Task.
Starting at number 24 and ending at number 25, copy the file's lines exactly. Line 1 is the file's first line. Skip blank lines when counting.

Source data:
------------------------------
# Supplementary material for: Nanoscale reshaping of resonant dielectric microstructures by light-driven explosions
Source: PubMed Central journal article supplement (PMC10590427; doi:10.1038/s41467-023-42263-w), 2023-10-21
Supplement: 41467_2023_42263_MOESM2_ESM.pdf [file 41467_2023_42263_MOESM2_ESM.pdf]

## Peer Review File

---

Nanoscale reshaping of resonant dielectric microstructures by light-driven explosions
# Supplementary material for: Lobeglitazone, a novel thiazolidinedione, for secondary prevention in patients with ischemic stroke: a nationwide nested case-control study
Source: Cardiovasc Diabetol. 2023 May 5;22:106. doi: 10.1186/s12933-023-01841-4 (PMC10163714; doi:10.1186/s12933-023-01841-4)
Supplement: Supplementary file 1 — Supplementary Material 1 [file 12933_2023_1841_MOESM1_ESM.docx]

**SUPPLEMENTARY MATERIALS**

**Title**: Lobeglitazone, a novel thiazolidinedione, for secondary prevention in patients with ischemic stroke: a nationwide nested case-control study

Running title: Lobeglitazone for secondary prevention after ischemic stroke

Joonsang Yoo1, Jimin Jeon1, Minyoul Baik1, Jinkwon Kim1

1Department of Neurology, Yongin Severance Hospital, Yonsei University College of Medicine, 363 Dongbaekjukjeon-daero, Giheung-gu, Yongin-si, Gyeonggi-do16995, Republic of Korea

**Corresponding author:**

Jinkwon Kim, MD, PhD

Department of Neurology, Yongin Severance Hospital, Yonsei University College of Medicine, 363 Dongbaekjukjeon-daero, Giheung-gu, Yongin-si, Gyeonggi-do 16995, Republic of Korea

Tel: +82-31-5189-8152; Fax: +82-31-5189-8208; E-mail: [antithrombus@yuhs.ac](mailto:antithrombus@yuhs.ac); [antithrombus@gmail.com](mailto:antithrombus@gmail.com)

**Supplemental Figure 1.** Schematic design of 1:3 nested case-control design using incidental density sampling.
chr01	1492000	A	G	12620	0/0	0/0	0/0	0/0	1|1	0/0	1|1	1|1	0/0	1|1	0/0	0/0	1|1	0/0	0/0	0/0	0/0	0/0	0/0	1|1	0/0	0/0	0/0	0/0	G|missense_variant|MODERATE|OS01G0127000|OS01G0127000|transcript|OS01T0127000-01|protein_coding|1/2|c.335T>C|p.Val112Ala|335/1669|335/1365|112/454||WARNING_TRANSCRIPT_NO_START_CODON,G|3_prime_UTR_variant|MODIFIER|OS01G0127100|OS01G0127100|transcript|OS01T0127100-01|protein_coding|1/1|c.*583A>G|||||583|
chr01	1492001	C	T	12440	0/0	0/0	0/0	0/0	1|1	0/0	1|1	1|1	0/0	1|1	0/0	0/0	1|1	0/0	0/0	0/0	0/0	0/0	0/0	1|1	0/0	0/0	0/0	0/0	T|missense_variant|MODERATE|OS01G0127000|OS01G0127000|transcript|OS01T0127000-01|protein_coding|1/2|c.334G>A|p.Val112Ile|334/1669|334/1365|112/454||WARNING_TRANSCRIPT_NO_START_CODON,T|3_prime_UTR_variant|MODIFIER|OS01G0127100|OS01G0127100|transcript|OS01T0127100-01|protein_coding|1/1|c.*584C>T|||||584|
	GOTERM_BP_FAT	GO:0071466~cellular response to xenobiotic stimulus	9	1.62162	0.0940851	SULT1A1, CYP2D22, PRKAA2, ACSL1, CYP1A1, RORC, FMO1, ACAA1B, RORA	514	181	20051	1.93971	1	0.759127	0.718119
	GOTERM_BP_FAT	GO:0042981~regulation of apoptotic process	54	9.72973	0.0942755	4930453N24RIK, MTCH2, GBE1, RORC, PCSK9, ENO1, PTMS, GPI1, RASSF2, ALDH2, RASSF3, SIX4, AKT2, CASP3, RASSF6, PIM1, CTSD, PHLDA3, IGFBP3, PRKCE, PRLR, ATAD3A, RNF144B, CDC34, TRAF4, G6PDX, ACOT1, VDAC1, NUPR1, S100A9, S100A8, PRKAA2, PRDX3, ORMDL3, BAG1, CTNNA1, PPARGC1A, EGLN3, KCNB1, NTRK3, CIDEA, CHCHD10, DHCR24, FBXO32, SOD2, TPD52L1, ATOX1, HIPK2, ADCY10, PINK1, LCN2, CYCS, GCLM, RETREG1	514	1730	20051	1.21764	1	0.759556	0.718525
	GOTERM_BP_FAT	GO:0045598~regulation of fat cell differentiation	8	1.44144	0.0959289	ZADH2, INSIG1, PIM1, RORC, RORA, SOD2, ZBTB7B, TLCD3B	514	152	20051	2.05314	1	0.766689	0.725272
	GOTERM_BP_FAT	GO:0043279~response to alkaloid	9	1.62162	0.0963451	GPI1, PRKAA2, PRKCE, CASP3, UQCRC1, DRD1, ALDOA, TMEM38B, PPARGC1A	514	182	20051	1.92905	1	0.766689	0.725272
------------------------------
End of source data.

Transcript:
	GOTERM_BP_FAT	GO:0045598~regulation of fat cell differentiation	8	1.44144	0.0959289	ZADH2, INSIG1, PIM1, RORC, RORA, SOD2, ZBTB7B, TLCD3B	514	152	20051	2.05314	1	0.766689	0.725272
	GOTERM_BP_FAT	GO:0043279~response to alkaloid	9	1.62162	0.0963451	GPI1, PRKAA2, PRKCE, CASP3, UQCRC1, DRD1, ALDOA, TMEM38B, PPARGC1A	514	182	20051	1.92905	1	0.766689	0.725272